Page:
Gulistan of Saadi
On the Effects of Education
The son of a pious man inherited great wealth left him by some uncles, whereon he plunged into
dissipation and profligacy became a spendthrift and, in short, left no heinous transgression
unperpetrated and no intoxicant untasted. I advised him and said: ‘My son, income is a flowing water
and expense a turning mill; that is to say, only he who has a fixed revenue is entitled to indulge in
‘If thou hast no income, spend but frugally
Because the sailors chant this song:
“If there be no rain in the mountains
The bed of the Tigris will be dry in one year.”
‘Follow wisdom and propriety, abandon play and sport because thy wealth will be exhausted, whereon
thou wilt fall into trouble and will repent.’ The youth was prevented by the delights of the flute and of
drink from accepting my admonition but found fault therewith, saying that it is contrary to the opinion
of intelligent men to embitter present tranquillity by cares concerning the future:
Why should possessors of enjoyment and luck
Bear sorrow for fear of distress?
Go, be merry, my heart-rejoicing friend.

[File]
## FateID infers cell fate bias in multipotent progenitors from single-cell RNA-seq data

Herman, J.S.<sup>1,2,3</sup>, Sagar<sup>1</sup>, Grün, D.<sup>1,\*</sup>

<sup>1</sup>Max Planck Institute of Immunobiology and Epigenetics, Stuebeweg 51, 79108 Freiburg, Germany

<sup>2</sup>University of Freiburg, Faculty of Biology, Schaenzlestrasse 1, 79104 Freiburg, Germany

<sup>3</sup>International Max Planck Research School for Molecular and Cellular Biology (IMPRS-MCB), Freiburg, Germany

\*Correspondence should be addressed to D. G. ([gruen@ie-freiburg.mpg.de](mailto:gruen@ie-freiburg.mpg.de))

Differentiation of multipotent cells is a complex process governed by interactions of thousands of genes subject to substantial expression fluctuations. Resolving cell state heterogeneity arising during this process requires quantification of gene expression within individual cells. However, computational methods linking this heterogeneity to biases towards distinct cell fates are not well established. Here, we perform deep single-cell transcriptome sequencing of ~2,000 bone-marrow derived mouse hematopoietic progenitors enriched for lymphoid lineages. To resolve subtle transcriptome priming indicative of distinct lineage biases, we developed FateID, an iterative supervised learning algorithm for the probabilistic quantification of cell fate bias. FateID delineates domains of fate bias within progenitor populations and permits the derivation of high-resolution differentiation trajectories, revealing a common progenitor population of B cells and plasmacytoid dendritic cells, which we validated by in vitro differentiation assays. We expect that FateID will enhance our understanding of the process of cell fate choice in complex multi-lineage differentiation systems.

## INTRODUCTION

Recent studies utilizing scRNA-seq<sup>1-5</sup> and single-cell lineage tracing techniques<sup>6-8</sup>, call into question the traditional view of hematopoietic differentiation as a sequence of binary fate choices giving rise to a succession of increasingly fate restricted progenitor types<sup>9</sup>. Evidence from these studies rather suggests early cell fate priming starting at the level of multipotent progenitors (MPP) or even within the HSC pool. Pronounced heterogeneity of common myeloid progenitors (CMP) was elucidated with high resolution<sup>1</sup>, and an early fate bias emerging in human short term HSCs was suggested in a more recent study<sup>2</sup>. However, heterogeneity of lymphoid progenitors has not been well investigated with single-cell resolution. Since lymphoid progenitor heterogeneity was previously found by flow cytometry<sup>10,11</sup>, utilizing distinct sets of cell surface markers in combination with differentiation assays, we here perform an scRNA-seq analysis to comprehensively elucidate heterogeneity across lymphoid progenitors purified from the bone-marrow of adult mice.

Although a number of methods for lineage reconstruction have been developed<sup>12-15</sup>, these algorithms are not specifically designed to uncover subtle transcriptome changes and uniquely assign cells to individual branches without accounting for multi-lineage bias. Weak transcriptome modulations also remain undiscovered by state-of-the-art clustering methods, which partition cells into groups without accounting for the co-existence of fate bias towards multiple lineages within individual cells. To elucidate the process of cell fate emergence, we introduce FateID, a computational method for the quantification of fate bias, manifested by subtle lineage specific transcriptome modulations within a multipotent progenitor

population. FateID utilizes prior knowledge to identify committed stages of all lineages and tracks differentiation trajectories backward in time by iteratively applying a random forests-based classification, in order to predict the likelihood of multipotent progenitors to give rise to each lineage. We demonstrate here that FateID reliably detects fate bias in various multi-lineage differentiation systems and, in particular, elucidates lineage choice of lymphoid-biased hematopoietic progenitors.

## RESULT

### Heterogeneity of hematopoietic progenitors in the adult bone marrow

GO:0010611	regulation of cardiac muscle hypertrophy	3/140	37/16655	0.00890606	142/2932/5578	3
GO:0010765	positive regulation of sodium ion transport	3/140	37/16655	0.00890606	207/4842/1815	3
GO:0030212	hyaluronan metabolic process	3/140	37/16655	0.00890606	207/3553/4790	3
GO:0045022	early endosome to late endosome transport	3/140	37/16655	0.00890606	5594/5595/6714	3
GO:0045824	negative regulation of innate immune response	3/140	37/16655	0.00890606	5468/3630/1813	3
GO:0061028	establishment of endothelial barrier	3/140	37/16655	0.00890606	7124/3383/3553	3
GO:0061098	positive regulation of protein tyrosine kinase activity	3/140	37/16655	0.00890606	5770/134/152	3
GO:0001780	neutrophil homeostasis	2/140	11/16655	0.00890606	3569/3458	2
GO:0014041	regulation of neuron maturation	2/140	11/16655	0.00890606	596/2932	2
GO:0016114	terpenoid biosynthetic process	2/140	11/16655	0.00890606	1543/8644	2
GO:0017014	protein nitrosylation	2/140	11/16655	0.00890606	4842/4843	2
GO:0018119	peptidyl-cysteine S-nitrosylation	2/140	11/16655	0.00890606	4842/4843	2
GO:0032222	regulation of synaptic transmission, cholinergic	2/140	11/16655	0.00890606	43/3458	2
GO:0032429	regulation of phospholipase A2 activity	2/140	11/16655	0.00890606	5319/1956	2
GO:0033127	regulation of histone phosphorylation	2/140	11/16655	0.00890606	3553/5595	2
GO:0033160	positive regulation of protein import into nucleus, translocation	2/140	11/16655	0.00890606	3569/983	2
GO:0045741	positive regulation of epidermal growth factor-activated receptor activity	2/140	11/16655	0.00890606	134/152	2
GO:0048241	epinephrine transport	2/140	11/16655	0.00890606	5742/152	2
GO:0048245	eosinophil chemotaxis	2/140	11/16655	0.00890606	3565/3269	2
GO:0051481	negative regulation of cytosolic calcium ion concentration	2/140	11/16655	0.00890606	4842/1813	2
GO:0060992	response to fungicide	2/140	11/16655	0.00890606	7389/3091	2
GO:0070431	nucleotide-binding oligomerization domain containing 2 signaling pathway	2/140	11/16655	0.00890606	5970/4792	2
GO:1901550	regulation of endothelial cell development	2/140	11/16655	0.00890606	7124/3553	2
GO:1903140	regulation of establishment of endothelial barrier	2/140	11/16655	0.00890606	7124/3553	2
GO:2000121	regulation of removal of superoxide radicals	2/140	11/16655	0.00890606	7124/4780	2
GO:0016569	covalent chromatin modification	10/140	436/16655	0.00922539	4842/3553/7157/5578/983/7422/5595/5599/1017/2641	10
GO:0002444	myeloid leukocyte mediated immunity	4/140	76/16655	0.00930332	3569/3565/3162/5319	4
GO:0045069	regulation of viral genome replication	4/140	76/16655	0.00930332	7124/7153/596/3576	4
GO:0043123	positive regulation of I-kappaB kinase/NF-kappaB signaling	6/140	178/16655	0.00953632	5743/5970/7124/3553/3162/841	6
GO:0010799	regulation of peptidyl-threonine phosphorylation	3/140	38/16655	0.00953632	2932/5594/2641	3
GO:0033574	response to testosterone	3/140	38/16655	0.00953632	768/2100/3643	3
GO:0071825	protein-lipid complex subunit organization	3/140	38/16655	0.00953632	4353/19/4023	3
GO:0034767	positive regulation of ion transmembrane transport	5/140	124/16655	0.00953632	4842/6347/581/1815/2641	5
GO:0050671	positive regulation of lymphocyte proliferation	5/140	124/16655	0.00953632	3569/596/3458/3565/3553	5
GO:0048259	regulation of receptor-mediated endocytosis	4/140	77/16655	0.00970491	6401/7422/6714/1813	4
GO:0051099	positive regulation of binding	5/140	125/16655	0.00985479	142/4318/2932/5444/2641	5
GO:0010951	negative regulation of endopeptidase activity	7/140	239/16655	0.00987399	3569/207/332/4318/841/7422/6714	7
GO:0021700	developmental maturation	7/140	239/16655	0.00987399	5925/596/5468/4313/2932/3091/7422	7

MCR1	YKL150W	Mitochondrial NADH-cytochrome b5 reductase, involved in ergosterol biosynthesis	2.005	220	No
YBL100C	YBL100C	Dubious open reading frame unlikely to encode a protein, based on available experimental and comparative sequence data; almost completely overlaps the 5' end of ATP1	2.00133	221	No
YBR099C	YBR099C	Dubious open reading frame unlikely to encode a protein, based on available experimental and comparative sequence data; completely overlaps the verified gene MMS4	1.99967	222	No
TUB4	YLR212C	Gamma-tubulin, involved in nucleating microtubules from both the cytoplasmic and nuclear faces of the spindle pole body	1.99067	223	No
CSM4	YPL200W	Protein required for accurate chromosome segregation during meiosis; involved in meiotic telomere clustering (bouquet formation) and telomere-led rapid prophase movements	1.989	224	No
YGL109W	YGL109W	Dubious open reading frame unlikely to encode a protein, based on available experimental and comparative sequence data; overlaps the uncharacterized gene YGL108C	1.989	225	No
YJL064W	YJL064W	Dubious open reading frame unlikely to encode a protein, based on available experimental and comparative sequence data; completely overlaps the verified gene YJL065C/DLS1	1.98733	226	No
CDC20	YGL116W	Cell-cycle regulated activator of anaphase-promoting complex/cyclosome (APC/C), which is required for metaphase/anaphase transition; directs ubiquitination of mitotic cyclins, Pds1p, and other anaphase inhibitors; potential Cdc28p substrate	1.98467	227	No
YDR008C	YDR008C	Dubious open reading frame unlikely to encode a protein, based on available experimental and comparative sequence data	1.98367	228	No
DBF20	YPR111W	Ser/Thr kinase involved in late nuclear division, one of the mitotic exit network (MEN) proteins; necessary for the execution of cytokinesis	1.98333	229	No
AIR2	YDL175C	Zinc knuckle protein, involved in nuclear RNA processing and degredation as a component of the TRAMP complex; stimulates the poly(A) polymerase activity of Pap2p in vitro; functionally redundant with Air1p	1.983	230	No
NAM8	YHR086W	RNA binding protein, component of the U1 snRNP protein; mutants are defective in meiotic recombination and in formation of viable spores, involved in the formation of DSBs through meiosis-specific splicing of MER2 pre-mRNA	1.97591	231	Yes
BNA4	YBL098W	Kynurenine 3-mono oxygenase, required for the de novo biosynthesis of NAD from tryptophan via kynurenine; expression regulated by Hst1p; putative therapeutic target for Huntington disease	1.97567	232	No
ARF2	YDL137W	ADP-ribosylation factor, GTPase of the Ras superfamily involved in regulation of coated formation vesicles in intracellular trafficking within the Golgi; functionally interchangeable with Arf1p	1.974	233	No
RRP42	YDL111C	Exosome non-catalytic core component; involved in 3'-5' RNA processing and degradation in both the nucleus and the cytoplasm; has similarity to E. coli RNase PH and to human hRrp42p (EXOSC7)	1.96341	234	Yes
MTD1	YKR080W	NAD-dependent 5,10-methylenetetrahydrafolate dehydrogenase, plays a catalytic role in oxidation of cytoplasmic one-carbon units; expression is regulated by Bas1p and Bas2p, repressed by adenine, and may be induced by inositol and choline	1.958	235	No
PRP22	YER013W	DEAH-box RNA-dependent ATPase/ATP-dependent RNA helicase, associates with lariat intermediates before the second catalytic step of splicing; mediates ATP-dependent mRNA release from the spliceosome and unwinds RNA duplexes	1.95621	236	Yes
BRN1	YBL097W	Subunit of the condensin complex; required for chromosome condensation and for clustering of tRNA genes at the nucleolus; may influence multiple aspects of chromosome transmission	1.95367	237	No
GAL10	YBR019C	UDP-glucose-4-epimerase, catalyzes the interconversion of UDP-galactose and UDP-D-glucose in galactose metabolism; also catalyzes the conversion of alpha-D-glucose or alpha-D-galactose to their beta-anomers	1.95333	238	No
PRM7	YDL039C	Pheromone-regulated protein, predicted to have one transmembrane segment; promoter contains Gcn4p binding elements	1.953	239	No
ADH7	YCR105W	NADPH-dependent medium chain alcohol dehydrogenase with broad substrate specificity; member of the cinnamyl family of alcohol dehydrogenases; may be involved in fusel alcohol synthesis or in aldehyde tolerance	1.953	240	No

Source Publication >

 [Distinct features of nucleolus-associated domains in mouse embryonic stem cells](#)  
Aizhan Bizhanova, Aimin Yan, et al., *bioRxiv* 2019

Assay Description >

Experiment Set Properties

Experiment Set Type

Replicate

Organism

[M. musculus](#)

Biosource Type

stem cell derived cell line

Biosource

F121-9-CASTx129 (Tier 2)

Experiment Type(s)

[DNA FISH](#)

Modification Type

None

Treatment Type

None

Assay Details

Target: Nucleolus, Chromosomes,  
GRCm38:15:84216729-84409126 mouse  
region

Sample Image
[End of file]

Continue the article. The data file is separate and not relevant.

The pain of tomorrow must not be eaten today.
And how could I restrain myself, who am occupying the highest seat of liberality, have bound the
knot of generosity and the fame of whose beneficence has become the topic of general conversation?
Who has become known for his liberality and generosity
Must not put a lock upon his dirhems.
When the name of a good fellow has spread in a locality
The door cannot be dosed against it.
When I perceived that he did not accept my advice and that my warm breath was not taking effect
upon his cold iron, I left off admonishing him and turned away my face from his companionship,
acting according to the words of philosophers, who said: Impart to them what thou hast and if they
receive it not, it is not thy fault.
Although thou knowest thou wilt not be heard, say
Whatever thou knowest of good wishes and advice.
It may soon happen that thou wilt behold a silly fellow
With both his feet fallen into captivity,
Striking his hands together, and saying: ‘Alas,
I have not listened to the advice of a scholar.’
After some time I saw the consequences of his dissolute behaviour-which I apprehended-realized.
When I beheld him sewing patch upon patch and gathering crumb after crumb, my heart was moved
with pity for his destitute condition, in which I did not consider it humane to scratch his internal
wounds with reproaches or to sprinkle salt upon them. Accordingly, I said to myself:
A foolish fellow in the height of intoxication
Cares not for the coming day of distress.
The tree which sheds its foliage in spring
Will certainly have no leaves remaining in winter.